Dying without a Will – Intestacy Update

Rutters Solicitors - Wills, Probate, Trusts and Inheritance Tax

Dying without a Will – Intestacy Update

Rutters Solicitor Shaftesbury, Gillingham, Sturminster Newton Dorset Will solicitors Wills solicitor

When a person dies without making a Will, their estate is known as ‘intestate’. If the deceased person was married the assumption is often ‘we were married so I, as the surviving spouse (or indeed as a civil partner), must surely inherit everything’? Unfortunately, this is a preconception that can of course be even further complicated when cohabiting couples are involved or even in the case of children from more than one relationship.

Under the current intestacy rules, there is a specific order of entitlement that broadly applies. In general, if a person dies without leaving a Will, if they are survived by a spouse or civil partner and children, currently the spouse or civil partner receives a ‘statutory legacy’ of £250,000 and half of the rest of the estate. The other half is divided equally between their children (if they are under 18 then more detailed rules relating to trusts will apply). If the deceased did not leave any children then their entire estate will pass to their spouse or civil partner. As you will probably guess, different rules will of course apply if there is no surviving spouse or civil partner.

As from 06 February 2020, the statutory legacy to the surviving spouse or civil partner will increase to £275,000. The increase is in line with a governmental decision to raise this figure every five years as protection against inflation and an ever changing economy.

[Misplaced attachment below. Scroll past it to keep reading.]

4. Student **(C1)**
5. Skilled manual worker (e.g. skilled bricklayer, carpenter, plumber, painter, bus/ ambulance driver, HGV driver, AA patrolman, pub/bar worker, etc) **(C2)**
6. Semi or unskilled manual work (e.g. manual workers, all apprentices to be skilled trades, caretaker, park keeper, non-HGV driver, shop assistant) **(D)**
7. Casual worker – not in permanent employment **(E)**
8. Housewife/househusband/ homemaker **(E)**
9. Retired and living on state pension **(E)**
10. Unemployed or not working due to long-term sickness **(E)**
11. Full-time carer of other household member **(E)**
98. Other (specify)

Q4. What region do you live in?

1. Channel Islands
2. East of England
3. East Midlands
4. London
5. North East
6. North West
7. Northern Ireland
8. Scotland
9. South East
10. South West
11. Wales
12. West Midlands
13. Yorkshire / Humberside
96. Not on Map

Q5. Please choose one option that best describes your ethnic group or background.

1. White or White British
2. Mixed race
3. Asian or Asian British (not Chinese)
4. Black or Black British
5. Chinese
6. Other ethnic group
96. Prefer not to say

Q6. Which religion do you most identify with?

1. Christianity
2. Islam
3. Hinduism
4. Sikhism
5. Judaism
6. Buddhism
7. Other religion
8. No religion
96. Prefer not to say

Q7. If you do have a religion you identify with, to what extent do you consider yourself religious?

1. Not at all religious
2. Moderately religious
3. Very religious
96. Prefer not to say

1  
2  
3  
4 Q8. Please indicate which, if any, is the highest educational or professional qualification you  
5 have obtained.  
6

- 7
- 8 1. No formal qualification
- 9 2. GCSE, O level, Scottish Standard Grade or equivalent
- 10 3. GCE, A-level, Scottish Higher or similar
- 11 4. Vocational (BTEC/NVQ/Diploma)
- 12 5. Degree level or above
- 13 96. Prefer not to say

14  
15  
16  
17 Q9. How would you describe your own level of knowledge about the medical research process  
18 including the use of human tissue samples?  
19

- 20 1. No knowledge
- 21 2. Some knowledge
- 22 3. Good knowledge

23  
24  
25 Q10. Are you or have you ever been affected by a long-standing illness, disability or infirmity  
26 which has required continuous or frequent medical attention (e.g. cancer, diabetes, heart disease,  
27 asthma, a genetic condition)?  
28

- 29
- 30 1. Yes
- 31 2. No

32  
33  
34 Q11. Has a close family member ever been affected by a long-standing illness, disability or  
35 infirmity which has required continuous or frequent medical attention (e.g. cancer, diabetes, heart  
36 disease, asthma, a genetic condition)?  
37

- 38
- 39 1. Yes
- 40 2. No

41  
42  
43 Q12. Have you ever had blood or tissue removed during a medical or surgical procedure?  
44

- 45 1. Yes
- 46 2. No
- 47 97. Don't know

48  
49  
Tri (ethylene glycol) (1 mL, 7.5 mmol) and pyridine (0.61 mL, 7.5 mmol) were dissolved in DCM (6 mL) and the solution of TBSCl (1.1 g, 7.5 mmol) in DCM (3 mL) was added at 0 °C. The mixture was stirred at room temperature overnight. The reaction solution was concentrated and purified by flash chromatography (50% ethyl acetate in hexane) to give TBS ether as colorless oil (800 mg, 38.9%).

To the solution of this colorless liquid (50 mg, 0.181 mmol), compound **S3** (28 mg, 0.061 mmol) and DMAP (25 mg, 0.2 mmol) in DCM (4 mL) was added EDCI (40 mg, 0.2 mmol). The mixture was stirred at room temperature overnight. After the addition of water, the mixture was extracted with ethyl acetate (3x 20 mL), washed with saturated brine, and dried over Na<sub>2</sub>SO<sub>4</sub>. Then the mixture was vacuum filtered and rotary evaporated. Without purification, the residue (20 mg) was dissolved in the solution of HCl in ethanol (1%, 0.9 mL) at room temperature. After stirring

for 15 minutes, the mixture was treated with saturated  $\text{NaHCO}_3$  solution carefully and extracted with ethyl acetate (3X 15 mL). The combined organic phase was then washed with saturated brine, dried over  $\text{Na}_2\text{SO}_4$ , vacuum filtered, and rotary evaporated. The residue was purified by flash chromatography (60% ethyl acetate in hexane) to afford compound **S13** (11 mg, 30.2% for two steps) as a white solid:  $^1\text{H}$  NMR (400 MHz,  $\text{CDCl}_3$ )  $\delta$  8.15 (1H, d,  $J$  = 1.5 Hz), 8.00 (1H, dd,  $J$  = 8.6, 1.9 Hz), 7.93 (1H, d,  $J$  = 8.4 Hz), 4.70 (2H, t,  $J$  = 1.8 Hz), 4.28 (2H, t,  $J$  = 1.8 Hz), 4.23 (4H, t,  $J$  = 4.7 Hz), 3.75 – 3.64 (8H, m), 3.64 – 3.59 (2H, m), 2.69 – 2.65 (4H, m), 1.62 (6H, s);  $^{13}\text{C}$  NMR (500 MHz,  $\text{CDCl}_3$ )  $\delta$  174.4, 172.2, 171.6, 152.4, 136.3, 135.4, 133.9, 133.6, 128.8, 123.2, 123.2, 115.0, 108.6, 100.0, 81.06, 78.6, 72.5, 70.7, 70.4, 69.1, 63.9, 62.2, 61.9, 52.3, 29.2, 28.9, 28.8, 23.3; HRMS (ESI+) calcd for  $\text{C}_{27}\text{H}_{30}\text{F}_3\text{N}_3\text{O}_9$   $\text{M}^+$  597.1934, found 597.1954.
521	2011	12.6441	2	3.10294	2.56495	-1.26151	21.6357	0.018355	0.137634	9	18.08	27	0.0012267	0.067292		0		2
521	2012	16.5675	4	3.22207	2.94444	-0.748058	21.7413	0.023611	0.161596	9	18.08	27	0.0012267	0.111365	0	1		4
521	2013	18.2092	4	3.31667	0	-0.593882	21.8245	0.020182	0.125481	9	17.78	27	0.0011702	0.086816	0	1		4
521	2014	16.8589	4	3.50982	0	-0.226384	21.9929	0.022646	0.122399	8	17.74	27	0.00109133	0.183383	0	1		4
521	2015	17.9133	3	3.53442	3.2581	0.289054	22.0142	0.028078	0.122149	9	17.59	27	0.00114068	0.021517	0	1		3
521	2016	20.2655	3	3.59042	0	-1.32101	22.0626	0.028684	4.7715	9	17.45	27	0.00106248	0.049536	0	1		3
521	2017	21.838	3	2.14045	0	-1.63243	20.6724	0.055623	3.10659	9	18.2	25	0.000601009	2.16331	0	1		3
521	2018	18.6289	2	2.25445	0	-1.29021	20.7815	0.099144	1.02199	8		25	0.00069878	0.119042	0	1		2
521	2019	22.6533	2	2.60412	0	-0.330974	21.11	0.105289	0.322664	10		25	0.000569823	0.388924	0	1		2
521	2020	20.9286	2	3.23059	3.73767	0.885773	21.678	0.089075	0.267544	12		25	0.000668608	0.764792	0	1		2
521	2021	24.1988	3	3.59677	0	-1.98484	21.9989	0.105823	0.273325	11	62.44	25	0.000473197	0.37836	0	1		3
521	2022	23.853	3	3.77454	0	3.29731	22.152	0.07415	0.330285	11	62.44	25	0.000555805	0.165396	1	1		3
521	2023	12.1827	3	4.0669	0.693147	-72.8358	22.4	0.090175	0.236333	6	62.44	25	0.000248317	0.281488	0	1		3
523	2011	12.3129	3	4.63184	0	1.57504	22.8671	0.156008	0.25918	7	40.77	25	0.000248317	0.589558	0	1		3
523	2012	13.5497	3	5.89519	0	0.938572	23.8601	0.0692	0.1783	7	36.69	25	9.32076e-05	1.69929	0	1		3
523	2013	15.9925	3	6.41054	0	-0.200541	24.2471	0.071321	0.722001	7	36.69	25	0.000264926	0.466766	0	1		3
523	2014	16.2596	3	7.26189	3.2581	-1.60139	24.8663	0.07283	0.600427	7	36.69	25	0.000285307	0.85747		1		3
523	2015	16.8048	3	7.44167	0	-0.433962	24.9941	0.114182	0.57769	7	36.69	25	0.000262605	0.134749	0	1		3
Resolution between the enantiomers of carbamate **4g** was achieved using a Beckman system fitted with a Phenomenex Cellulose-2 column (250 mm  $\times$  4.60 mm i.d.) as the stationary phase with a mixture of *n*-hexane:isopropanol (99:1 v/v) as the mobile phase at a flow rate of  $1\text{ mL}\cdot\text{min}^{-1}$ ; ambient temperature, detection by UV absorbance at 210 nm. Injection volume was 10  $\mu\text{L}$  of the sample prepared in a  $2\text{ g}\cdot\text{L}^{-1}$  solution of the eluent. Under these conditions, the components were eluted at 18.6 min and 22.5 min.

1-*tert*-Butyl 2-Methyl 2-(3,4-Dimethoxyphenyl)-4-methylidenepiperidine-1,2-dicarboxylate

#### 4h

In our opinion, the very fact that your estate could be subject to forces beyond your control highlights the need to make a Will and get matters in order before you die. When a Will is drafted, the control is very much with you (i.e. the testator) as you can specify which beneficiaries inherit what assets. The nightmare intestacy scenario of a partner (i.e. not a spouse or civil partner) plus several children can be managed appropriately. You, as the testator, would have the ability to avoid the intestacy rules and manage your and your family’s future.

Often people refer to their partner as their common law partner or say they are living together as common law husband and wife, however legally there is no such thing. A spouse for the purposes of the intestacy rules is someone you are married to, a civil partner is someone who you have entered into a civil partnership with, a civil partnership is a legal relationship that has to be registered and is similar to a marriage.

If you require any advice regarding intestacy, preparing or reviewing your Will and estate planning please contact either myself Matthew Billingsley or my colleagues in the Private Client Team at either our Sturminster Newton office (01258 444481) or Shaftesbury office (01747 852377). For more details about our Private Client Team click here.